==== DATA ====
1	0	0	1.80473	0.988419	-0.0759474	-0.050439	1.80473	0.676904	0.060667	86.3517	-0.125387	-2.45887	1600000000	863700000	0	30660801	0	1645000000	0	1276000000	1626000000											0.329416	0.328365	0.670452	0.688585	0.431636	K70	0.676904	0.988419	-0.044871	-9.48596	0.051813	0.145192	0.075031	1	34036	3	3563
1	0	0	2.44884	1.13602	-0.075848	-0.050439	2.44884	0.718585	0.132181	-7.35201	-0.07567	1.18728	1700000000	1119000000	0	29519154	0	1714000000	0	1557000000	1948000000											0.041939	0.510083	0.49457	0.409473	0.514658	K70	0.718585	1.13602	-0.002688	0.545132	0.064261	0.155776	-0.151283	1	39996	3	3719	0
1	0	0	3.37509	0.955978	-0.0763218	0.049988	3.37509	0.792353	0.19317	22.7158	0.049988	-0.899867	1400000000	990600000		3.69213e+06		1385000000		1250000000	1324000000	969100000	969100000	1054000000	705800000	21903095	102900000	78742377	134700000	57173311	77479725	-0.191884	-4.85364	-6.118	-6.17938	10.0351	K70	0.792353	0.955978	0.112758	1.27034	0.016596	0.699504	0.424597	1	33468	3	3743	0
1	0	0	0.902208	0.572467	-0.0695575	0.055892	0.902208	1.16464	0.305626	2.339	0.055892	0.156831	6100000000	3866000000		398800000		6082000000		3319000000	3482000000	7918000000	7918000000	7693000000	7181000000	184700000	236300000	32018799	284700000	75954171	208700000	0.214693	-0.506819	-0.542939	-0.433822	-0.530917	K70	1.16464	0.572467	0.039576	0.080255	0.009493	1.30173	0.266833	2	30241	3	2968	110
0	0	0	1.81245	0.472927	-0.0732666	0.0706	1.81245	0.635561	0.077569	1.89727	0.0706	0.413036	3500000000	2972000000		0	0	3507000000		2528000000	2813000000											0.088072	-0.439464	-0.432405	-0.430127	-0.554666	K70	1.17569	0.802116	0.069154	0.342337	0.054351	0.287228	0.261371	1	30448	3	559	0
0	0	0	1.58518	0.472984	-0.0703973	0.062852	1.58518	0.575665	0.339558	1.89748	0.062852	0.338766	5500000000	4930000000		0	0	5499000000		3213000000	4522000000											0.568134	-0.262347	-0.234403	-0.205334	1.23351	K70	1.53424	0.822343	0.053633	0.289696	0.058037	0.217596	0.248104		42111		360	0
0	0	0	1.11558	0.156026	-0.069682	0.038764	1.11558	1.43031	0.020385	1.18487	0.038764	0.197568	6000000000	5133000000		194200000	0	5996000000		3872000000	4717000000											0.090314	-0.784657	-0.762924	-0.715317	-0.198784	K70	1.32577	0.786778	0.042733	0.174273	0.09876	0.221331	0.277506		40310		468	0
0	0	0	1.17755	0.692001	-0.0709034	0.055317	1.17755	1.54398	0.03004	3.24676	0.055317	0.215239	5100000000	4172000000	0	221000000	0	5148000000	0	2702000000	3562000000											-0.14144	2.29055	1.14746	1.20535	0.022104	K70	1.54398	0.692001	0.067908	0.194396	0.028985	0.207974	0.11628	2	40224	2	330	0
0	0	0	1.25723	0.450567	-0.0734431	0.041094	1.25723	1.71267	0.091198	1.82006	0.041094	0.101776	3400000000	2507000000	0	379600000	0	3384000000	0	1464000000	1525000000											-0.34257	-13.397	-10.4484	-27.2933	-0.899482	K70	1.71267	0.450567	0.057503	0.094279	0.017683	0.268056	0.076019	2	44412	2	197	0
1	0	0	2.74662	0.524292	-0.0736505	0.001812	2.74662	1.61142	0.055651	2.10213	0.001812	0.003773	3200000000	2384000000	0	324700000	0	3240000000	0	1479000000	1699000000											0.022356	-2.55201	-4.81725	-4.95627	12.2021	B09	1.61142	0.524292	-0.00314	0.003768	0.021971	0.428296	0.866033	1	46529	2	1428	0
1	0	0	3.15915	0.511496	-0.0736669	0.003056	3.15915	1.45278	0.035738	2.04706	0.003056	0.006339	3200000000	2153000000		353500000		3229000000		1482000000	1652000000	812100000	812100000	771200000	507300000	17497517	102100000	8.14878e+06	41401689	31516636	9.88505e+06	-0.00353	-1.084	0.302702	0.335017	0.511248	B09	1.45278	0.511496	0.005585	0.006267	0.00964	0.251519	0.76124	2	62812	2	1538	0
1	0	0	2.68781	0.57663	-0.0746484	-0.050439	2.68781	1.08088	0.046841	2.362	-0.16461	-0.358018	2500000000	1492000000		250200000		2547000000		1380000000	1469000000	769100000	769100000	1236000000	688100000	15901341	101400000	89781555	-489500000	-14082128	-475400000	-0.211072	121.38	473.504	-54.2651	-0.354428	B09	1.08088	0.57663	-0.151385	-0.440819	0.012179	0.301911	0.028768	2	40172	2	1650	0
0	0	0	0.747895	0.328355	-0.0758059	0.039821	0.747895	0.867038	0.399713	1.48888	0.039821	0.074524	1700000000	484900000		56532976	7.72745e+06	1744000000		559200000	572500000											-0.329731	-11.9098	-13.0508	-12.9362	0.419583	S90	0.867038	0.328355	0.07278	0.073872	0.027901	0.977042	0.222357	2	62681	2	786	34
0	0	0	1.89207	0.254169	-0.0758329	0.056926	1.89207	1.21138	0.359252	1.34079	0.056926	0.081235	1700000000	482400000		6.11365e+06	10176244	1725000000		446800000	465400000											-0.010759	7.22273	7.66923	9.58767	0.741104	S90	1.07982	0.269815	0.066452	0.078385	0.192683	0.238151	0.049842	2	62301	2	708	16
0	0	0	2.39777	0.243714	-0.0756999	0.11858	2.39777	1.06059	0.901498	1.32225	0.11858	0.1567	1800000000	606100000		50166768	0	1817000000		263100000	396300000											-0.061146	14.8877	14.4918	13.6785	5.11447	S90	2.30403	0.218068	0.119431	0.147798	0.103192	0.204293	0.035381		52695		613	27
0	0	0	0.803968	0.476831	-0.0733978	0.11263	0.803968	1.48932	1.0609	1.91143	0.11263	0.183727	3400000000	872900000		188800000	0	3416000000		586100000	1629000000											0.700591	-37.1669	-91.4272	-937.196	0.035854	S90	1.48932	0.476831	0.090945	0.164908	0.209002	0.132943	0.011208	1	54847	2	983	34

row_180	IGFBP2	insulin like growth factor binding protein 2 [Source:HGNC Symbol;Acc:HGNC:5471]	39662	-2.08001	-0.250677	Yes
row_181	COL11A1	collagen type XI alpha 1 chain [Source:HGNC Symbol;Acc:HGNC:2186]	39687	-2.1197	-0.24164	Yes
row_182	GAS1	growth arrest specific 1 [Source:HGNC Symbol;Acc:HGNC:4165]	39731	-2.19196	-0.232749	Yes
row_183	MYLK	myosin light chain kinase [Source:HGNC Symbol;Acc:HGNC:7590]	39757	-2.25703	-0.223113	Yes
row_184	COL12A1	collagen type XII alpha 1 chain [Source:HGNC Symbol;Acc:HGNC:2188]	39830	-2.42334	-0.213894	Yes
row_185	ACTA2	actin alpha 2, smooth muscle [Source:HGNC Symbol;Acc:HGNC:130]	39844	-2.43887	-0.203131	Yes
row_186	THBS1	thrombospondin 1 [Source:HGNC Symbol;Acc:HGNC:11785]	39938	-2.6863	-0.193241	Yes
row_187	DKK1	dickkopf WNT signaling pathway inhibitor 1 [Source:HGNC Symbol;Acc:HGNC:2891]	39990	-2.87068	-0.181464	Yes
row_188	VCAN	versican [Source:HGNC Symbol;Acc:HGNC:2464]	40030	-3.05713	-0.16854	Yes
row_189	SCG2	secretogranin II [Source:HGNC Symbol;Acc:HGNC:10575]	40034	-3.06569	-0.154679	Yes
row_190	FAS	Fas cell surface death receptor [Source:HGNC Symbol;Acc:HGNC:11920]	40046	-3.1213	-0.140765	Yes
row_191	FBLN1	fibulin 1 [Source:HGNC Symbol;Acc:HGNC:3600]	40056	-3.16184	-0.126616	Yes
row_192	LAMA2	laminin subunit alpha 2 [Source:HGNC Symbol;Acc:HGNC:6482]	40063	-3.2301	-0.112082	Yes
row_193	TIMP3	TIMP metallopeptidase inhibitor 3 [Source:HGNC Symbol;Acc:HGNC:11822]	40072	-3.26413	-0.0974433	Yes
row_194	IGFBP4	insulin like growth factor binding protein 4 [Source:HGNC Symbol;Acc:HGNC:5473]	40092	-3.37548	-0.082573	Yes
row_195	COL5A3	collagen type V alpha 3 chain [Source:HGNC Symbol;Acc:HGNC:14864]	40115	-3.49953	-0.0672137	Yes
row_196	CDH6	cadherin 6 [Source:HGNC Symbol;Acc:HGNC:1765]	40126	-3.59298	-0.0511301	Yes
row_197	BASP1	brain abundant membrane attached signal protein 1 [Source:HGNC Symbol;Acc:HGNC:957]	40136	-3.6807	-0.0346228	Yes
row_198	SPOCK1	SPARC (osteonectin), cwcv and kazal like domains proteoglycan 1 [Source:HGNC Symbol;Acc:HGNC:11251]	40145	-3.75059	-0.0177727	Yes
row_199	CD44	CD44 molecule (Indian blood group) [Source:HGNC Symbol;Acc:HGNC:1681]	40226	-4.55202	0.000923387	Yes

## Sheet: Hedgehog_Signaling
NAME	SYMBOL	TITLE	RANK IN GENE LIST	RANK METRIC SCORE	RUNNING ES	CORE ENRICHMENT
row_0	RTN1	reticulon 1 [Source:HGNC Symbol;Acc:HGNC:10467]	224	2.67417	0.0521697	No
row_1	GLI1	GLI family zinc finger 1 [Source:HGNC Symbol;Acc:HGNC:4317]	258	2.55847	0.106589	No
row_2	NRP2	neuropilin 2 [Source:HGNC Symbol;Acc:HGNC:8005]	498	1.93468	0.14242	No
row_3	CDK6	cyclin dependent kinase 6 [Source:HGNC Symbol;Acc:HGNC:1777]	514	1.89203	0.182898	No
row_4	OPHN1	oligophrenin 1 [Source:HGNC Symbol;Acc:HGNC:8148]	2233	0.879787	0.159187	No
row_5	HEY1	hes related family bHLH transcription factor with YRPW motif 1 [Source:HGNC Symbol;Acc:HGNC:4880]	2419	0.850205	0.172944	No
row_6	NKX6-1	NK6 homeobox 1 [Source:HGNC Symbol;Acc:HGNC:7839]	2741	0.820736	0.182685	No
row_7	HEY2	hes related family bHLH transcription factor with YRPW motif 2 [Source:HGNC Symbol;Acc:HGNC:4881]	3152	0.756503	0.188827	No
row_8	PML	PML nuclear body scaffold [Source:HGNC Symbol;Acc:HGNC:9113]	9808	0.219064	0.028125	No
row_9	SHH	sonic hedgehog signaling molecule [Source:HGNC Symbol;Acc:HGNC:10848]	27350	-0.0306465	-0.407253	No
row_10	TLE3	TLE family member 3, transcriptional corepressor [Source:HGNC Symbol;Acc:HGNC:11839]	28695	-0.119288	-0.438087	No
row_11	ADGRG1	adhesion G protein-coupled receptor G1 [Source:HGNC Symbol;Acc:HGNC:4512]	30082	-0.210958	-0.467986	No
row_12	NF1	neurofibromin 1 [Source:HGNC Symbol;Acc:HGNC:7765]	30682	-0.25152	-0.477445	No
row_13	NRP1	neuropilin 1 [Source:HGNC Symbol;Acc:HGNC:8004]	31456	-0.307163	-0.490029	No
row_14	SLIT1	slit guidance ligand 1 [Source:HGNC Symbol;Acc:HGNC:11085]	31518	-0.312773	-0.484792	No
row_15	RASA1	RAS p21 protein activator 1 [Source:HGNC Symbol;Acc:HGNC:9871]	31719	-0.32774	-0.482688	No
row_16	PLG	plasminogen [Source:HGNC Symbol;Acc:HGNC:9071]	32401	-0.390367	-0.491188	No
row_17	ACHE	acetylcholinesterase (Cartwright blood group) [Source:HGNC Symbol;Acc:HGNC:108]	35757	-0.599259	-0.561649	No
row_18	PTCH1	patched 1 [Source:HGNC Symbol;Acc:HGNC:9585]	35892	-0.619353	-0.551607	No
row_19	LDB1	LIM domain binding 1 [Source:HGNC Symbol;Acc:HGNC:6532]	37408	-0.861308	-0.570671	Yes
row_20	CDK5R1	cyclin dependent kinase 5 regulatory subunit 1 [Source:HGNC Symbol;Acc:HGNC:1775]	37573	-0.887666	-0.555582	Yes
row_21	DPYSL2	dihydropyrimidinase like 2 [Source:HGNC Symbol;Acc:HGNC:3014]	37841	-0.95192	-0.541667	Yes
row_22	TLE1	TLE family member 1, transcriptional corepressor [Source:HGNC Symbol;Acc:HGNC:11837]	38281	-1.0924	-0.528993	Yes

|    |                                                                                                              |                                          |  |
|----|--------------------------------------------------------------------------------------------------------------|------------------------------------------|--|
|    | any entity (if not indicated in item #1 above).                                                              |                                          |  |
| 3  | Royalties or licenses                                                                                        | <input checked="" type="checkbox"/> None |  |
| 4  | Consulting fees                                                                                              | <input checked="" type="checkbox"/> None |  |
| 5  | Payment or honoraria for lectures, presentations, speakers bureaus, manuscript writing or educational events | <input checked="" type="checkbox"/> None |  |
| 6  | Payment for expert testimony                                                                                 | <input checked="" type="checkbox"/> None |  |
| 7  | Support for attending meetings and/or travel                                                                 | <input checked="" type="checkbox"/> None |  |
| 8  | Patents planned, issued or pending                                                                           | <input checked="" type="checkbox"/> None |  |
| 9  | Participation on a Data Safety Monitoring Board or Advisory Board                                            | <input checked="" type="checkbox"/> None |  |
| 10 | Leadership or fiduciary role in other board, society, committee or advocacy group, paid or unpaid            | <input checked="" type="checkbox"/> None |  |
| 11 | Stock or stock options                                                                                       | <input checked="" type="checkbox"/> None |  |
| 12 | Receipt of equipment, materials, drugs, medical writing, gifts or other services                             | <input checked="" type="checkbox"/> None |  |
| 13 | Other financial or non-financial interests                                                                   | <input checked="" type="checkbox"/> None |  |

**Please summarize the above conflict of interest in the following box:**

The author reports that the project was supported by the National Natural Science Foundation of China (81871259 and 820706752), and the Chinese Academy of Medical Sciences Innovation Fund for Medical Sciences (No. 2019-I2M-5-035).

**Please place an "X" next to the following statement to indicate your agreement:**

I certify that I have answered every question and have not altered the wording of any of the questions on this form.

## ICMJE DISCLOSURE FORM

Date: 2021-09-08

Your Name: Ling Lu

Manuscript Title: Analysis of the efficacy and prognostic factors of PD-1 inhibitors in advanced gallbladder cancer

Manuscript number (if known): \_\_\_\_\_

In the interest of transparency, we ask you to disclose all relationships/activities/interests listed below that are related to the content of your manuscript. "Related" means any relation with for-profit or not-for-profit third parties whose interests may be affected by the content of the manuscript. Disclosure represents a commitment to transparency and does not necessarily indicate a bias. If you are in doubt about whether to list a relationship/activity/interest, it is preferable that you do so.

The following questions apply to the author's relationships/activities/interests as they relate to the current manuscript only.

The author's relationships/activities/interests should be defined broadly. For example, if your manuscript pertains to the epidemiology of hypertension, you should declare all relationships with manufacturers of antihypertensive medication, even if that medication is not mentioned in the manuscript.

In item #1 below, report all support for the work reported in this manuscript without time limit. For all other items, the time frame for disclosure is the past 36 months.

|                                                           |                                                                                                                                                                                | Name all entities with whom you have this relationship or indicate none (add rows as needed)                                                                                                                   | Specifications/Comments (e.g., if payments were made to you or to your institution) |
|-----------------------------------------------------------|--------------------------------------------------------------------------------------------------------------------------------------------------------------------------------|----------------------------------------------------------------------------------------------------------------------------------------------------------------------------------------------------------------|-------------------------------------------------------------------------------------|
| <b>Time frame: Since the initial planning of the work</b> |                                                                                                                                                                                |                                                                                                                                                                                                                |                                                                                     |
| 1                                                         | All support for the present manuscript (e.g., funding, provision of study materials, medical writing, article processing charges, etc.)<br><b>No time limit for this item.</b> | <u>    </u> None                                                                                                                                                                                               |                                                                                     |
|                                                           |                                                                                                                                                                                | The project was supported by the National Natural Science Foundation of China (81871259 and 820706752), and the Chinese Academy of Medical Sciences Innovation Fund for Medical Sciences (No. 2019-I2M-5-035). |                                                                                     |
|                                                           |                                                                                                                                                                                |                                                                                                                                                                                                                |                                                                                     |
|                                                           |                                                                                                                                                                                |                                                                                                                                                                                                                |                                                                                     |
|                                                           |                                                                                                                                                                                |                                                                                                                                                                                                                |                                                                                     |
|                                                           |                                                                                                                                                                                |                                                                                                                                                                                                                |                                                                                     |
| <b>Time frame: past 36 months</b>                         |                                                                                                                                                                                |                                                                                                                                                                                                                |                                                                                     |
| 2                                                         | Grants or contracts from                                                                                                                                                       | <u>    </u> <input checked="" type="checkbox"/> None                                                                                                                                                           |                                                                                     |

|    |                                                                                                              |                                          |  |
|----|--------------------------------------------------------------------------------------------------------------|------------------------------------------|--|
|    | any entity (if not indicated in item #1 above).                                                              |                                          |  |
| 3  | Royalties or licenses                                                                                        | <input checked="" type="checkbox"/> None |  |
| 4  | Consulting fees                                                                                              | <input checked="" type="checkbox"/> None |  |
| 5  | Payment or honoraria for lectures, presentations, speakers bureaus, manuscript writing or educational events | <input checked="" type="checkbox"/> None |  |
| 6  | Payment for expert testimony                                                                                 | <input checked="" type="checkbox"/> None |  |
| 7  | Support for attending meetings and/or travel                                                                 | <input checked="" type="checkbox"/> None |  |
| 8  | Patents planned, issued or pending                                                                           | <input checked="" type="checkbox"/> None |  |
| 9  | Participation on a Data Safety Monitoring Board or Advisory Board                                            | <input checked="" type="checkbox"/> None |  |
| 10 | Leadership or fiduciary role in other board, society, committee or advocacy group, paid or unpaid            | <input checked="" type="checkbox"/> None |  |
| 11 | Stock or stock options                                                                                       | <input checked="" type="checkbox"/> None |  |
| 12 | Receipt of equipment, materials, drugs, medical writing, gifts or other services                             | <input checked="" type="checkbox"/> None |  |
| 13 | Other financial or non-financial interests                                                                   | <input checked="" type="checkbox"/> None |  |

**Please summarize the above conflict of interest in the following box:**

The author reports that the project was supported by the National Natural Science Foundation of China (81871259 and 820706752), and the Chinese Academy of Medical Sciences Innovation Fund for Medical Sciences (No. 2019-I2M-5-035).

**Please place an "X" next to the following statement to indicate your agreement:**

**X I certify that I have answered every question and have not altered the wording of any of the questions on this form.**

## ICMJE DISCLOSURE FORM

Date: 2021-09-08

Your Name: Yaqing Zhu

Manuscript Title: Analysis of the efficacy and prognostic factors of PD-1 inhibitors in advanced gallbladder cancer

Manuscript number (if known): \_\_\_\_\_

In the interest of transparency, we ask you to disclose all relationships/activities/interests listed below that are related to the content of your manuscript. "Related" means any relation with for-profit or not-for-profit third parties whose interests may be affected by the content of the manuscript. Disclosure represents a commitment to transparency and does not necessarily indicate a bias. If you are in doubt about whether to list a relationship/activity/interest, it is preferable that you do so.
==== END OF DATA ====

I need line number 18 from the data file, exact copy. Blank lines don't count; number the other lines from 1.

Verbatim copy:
row_181	COL11A1	collagen type XI alpha 1 chain [Source:HGNC Symbol;Acc:HGNC:2186]	39687	-2.1197	-0.24164	Yes